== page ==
shaders in clojure, revisited


A number of months back, I wrote about how to use OpenGL shaders in Clojure, using Penumbra. This introduced an s-expression representation of GLSL, which allowed for an idiomatic specification of shader code. It didn’t, however, cut down on the boilerplate that surrounds the OpenGL programmable pipeline.

There are two steps in the programmable pipeline: the vertex shader and the fragment shader. The vertex shader transforms geometry from the world-space to screen-space. The geometry is then discretized into pixels, and then each pixel is processed through the fragment shader. For a more in-depth look at this process, check out this set of articles.

This is referred to as a pipeline because data flows from the vertices to the vertex shader to the fragment shader. Since these shaders are meant to be swappable, the vertex shader has to declare what data it passes the fragment shader, and the fragment shader has to declare what data it receives from the vertex shader. Mismatched declarations are allowed, which can be useful, but mostly it’s just redundant and increases the potential for errors. If we’re willing to treat the pipeline as a single entity, our specification can become shorter, simpler, and much more straightforward to develop.

So, let’s revisit the marble teapot:

In the previous example, we used the Perlin noise lookup that’s built into GLSL. This approach had a lot of limitations; this built-in function only works properly on a fraction of all hardware, and it can only be used within the vertex shader. As a result, the marble coloration was per-vertex rather than per-pixel, and looked a lot less detailed.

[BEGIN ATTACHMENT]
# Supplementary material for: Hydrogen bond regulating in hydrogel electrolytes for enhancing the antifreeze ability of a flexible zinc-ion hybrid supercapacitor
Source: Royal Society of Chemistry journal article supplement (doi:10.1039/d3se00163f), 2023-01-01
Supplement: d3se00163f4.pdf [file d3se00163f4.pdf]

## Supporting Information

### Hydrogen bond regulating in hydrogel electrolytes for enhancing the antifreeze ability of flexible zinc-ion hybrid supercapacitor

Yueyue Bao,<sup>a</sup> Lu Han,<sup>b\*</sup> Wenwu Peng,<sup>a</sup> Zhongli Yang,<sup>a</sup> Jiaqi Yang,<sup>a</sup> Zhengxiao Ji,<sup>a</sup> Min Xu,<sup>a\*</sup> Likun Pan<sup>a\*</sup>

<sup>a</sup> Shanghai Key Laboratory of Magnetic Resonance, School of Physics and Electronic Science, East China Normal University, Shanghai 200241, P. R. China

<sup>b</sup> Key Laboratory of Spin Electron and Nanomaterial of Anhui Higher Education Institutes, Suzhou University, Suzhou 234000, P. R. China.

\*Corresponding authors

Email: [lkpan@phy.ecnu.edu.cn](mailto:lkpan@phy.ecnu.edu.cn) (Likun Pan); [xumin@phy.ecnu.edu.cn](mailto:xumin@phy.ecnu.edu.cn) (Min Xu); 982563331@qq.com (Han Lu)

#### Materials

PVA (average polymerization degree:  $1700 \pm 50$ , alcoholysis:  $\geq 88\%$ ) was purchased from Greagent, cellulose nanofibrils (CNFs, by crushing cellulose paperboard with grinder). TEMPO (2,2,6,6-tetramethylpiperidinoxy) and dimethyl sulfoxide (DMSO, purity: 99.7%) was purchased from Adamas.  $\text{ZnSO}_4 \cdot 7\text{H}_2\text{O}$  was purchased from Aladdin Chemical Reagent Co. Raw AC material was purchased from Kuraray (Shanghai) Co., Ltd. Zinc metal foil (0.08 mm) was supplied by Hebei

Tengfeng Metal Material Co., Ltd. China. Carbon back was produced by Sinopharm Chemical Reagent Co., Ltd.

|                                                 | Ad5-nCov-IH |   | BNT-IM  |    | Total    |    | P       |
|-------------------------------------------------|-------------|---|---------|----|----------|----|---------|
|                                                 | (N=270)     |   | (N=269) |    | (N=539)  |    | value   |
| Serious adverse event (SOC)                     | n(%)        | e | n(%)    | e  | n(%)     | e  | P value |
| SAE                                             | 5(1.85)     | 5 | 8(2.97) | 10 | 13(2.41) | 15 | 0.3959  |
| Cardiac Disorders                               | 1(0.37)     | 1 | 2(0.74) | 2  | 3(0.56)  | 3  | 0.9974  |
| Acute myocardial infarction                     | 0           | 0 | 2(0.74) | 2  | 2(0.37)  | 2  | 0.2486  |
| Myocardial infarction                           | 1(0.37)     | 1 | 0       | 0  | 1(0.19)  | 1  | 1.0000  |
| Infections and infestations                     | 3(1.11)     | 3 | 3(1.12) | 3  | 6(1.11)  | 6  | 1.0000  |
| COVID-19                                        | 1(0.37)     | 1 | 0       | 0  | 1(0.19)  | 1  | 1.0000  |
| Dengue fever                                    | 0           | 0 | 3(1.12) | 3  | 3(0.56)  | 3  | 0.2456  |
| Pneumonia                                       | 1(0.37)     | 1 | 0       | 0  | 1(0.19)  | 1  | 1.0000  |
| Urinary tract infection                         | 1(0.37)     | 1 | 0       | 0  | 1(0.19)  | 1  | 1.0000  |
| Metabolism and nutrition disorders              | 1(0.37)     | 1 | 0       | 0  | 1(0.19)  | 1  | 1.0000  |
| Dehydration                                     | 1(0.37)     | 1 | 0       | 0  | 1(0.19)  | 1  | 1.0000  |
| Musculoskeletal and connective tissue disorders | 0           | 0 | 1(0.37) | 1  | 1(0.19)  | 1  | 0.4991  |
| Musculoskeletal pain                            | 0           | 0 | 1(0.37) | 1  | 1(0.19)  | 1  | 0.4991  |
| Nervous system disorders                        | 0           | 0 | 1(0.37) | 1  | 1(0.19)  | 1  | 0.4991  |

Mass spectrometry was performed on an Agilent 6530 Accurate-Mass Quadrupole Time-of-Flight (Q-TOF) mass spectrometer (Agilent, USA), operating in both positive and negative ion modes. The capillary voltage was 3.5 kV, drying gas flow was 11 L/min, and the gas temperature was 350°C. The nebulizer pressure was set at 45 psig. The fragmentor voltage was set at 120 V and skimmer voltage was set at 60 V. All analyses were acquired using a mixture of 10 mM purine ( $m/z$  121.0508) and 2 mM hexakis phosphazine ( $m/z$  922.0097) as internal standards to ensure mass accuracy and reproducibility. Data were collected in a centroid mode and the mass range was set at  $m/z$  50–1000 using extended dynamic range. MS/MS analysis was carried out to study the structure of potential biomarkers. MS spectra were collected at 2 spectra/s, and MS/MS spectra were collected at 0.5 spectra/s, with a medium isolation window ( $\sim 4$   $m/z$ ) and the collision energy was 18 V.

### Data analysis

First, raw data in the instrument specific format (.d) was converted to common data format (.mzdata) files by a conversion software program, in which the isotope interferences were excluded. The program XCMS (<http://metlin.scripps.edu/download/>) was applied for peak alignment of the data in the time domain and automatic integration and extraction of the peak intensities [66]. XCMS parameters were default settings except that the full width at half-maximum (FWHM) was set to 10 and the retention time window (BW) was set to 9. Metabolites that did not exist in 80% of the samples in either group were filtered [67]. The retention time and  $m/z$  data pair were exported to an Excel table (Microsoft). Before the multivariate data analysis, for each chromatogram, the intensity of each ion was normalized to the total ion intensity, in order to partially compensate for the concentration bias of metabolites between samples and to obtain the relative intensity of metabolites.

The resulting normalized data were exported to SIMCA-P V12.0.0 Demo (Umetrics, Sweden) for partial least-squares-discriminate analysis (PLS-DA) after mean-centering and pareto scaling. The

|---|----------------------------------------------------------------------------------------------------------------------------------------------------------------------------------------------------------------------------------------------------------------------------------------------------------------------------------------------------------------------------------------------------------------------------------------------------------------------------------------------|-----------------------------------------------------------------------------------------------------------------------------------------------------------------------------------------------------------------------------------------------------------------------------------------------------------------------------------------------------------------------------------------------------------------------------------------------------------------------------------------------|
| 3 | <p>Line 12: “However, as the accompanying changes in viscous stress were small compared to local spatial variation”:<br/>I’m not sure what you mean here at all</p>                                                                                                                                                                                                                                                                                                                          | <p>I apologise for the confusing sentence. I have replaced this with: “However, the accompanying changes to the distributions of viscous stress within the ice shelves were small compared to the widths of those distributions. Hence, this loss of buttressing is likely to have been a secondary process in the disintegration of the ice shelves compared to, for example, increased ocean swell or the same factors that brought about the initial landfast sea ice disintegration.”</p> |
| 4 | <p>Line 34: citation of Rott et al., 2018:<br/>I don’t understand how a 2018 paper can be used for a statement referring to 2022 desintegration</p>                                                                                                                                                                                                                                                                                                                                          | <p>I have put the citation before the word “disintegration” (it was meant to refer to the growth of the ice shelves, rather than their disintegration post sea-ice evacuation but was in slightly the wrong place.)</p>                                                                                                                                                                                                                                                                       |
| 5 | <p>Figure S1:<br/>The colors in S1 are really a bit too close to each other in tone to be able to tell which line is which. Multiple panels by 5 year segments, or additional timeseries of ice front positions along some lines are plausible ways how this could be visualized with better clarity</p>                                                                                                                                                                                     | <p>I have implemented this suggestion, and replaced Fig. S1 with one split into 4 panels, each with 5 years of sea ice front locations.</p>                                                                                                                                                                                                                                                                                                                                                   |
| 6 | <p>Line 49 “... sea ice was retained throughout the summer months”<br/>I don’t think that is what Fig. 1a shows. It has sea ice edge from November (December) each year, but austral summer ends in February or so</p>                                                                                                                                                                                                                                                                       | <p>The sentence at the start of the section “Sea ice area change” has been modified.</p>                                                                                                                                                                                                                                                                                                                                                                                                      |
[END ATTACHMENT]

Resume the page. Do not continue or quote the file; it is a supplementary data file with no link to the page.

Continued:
To create our own per-pixel Perlin noise implementation, we need a block of 3-D random noise. We can get this by creating a 3-D texture, which is seeded with random numbers from -1 to 1. To perform a per-pixel lookup, each pixel needs to know its location in the world space. This is different than its location with respect to the camera; if we used the location in camera-space, our teapot looks like this:

We will also need to know the normal on a per-pixel basis, to allow for per-pixel lighting. These two values, along with the transformed screen-space location, are represented as a hash-map at the end of the vertex shader. These values are effectively the “return value” of the vertex shader.

(defpipeline marble

   :vertex {position (float3 :vertex)
            normal (normalize
                       (* :normal-matrix
            :position (* :model-view-projection-matrix

   :fragment (let [noise 0
                   scale 0.5
                   pos (* position
                          (float3 (/ 1 (.x (dim %)))))]
               (dotimes [i octaves]
                 (+= noise (* (% pos) scale))
                 (*= scale 0.5)
                 (*= pos (float3 2)))
               (let [marble (-> position .x
                                (+ noise) (* 2)
                                sin abs)
                     mixed (mix [0.2 0.15 0.1 1]
                                [0.8 0.7 0.7 1]
                                (pow marble 0.75))]
                 (* mixed (lighting 0 normal)))))

Notice that in the fragment code, we reference both position and normal, which are defined in the vertex shader. The % variable represents the 3-D texture that’s seeded with random values. Also notice that while this looks a lot like Clojure code, it uses operators like += and *= that belie the underlying C implementation. The above code expands to this, and the complete code can be found here.

Stay tuned for future announcements. I hope to have vertex buffers implemented in the next week or two.